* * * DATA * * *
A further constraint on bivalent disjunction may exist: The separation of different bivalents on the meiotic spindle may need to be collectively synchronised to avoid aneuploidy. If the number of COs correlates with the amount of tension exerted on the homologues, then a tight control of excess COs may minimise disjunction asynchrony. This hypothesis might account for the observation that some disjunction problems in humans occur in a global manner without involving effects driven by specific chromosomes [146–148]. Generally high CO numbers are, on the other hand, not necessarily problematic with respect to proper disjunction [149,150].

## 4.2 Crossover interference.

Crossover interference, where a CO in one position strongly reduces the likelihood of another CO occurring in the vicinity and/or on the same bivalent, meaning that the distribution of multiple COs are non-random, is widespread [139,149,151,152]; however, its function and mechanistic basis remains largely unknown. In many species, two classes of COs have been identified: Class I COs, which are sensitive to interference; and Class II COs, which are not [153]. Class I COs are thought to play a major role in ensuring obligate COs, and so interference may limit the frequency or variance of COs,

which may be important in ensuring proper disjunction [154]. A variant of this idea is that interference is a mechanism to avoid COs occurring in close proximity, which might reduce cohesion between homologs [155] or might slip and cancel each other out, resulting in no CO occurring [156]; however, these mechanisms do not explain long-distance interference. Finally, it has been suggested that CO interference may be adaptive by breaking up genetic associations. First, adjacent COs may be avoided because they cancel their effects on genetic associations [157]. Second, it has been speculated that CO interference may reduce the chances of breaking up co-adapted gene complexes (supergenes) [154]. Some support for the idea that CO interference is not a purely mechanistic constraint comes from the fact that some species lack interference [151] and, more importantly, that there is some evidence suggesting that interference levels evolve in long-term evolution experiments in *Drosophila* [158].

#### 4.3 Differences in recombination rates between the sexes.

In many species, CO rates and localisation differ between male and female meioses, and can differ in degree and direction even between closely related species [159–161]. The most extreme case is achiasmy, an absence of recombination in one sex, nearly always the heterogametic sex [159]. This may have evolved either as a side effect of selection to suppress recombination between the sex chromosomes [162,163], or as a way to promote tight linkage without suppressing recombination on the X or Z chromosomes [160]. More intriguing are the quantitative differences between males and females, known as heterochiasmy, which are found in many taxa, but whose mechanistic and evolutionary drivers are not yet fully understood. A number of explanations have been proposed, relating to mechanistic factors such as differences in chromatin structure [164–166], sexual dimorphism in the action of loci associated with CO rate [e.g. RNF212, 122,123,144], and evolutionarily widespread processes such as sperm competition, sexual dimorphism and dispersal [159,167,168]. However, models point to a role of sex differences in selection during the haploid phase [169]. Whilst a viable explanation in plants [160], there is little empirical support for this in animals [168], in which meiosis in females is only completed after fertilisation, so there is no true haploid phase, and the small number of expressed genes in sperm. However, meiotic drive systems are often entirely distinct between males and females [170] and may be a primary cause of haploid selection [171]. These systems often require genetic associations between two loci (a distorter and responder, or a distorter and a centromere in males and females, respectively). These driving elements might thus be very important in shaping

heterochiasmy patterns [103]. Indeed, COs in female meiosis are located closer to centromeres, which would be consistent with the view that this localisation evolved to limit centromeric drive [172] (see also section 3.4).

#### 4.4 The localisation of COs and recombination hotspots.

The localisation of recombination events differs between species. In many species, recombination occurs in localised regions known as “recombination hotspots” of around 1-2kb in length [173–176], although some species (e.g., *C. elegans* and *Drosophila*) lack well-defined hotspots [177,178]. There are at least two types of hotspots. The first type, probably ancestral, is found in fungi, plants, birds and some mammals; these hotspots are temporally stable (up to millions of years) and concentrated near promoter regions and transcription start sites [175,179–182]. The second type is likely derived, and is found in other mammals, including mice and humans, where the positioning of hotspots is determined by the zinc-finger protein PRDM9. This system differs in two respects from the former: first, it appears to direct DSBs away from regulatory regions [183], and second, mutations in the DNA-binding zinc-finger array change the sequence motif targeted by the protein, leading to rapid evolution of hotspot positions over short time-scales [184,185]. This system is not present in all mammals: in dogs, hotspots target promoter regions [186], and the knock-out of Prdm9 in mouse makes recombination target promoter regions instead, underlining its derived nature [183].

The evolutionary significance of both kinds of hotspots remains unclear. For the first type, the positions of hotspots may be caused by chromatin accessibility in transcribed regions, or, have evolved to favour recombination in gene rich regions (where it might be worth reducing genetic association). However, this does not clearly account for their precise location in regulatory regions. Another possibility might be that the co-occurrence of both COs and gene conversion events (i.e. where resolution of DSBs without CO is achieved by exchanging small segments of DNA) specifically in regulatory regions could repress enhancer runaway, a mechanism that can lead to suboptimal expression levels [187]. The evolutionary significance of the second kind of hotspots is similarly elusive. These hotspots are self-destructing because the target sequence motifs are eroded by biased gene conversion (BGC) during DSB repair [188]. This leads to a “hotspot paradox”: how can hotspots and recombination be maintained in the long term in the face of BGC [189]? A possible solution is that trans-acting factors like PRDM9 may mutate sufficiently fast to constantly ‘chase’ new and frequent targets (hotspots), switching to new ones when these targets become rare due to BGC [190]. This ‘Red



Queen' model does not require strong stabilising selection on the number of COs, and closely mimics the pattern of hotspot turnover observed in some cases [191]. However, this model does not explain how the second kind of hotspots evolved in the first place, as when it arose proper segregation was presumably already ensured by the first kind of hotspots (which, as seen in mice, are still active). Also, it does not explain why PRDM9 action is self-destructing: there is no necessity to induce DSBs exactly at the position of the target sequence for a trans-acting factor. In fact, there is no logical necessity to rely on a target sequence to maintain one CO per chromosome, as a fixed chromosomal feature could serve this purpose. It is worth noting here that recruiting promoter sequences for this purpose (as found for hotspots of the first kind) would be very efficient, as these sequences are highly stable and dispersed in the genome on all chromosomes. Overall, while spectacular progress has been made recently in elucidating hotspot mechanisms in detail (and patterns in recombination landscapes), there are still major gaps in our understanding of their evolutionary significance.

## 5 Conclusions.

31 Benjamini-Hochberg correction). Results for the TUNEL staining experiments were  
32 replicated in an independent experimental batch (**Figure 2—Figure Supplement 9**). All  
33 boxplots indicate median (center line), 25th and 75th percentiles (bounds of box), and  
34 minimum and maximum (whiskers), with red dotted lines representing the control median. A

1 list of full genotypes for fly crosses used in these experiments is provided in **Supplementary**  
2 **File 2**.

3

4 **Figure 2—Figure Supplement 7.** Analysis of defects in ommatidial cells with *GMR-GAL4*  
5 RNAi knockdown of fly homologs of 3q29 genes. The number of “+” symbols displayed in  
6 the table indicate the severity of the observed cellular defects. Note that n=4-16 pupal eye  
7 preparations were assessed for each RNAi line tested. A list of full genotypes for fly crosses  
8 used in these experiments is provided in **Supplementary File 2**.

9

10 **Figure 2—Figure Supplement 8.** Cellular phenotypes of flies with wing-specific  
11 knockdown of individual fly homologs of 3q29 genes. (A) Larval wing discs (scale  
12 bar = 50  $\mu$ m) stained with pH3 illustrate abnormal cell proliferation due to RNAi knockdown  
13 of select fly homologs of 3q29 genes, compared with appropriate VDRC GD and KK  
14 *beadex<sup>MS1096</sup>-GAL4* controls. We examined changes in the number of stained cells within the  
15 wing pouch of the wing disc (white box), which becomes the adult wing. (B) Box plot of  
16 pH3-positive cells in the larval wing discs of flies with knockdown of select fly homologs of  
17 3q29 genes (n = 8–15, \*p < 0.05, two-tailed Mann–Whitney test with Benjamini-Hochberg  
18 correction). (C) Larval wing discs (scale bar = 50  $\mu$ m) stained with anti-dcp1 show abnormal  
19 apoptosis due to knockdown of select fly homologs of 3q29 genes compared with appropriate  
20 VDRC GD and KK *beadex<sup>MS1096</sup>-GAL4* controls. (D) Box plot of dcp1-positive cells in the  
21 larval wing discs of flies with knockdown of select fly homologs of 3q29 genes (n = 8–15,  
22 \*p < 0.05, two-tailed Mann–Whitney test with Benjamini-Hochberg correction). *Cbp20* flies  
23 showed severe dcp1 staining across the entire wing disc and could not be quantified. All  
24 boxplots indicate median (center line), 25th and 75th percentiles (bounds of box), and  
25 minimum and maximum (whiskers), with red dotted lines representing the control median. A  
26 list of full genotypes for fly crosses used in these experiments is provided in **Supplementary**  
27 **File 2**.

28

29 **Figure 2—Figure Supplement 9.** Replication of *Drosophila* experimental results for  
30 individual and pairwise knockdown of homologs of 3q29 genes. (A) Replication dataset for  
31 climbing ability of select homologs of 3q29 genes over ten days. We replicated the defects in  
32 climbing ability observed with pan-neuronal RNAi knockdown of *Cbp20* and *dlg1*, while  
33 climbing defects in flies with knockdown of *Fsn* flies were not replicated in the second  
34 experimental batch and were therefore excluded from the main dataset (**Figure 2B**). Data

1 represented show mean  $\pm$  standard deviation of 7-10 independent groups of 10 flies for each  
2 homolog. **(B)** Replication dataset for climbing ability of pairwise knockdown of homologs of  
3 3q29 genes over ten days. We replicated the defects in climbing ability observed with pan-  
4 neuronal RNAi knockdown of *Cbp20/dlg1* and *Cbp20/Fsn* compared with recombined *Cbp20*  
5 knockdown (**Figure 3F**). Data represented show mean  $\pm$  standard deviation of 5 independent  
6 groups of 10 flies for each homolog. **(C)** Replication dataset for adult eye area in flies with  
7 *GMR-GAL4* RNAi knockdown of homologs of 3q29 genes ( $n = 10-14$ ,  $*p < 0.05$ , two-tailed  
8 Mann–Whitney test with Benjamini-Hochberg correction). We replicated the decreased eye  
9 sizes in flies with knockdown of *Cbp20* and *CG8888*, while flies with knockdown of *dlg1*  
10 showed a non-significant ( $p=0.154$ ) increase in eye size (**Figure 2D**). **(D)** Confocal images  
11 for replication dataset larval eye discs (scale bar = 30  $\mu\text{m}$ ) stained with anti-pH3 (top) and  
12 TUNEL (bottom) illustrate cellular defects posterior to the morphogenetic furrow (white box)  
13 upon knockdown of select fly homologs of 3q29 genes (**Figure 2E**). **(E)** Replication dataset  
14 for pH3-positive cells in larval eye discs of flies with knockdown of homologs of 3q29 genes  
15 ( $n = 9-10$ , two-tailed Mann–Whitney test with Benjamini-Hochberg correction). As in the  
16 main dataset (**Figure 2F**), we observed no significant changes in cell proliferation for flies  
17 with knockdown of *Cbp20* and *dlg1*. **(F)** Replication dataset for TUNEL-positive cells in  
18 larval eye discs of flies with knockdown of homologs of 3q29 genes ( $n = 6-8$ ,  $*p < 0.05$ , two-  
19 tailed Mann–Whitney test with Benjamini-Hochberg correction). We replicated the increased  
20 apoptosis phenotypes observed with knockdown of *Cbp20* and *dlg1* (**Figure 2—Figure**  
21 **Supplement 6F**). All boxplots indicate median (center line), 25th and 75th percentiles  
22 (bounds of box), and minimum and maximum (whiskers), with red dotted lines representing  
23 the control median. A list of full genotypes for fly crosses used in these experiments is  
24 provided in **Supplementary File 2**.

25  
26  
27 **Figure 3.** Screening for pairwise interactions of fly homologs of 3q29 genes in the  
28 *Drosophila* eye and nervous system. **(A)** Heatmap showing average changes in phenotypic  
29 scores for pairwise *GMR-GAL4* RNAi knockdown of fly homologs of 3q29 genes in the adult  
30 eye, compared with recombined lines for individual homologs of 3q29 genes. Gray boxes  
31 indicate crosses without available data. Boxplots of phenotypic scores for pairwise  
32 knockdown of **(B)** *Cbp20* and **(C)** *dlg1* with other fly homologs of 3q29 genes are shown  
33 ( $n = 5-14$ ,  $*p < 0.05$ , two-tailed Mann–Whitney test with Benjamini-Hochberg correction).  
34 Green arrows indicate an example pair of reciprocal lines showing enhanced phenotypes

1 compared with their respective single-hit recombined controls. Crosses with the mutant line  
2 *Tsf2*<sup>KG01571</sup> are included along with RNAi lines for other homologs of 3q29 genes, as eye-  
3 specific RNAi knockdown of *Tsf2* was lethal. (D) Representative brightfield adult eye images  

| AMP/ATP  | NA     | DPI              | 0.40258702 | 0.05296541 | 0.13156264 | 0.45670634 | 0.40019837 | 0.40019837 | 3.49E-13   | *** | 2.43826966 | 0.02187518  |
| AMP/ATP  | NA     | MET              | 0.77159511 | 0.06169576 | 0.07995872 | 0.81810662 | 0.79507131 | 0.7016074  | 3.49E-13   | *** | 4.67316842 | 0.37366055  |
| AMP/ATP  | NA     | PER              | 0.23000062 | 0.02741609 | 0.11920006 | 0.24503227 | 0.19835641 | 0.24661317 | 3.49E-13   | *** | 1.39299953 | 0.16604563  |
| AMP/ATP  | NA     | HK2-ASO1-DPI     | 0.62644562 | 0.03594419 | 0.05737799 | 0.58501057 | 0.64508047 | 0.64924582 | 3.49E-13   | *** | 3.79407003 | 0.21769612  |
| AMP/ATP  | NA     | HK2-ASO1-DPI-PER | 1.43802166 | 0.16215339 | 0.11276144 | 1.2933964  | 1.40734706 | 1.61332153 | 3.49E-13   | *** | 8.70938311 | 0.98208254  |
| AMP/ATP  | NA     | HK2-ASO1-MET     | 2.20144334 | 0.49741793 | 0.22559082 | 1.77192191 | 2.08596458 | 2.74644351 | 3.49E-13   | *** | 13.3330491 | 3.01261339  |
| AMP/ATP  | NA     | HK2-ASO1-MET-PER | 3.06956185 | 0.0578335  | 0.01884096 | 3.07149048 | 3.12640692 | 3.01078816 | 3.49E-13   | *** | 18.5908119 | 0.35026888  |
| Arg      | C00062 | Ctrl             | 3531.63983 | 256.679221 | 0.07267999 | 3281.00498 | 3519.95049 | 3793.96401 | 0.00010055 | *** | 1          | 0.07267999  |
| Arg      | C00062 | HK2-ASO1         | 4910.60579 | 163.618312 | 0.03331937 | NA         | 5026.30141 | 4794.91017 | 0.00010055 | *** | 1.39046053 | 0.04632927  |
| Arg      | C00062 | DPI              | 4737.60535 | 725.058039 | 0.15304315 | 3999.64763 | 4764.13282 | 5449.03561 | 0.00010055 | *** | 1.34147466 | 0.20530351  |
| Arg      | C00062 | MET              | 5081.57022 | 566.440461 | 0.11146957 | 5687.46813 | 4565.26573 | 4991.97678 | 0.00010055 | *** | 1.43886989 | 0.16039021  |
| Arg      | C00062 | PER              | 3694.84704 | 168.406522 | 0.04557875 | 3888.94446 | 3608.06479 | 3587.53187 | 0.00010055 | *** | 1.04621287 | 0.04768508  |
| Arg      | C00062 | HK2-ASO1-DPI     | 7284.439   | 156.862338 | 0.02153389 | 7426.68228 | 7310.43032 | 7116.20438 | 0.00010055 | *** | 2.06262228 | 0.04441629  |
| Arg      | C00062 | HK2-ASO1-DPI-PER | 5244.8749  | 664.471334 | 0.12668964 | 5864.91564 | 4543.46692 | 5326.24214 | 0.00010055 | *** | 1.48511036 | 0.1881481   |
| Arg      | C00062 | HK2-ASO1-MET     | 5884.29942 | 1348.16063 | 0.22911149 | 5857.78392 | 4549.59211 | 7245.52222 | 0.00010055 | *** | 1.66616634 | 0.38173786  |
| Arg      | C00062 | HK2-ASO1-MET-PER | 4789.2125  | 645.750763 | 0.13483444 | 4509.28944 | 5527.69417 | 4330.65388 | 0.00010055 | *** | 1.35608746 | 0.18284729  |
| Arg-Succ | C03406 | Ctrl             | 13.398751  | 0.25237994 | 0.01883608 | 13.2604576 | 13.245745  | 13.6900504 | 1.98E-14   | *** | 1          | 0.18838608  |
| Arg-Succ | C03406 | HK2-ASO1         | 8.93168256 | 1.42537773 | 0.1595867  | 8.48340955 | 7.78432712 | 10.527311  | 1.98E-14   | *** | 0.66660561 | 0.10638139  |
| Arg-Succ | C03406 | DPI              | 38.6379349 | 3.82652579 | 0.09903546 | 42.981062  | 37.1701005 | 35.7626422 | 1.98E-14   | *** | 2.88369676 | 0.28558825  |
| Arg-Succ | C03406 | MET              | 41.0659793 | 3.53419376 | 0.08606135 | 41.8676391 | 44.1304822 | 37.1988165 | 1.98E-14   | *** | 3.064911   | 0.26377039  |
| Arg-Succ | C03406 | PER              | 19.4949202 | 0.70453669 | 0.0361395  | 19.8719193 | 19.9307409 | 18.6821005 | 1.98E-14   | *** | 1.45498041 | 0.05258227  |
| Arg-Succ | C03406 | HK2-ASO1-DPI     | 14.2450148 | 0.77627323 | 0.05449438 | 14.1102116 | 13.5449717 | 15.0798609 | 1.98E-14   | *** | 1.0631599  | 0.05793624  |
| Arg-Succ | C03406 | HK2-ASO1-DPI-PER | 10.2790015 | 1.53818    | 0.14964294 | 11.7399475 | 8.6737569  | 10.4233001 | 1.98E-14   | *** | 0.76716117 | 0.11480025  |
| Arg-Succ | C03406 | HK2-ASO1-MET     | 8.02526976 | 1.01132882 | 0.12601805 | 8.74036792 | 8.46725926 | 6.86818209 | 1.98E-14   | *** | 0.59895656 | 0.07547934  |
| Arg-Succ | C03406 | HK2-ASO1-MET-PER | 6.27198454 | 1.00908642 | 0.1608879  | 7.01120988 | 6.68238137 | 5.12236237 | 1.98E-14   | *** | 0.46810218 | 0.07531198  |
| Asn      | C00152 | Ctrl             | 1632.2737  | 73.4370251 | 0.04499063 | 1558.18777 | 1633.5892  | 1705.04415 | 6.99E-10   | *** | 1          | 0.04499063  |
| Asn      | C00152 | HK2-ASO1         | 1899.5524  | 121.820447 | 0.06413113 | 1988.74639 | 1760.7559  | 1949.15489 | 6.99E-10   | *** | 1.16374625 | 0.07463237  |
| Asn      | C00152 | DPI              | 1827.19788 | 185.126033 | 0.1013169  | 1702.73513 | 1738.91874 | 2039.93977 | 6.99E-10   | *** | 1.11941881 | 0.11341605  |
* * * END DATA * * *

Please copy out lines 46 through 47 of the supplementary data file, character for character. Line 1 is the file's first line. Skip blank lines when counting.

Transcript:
30 individual and pairwise knockdown of homologs of 3q29 genes. (A) Replication dataset for  
31 climbing ability of select homologs of 3q29 genes over ten days. We replicated the defects in  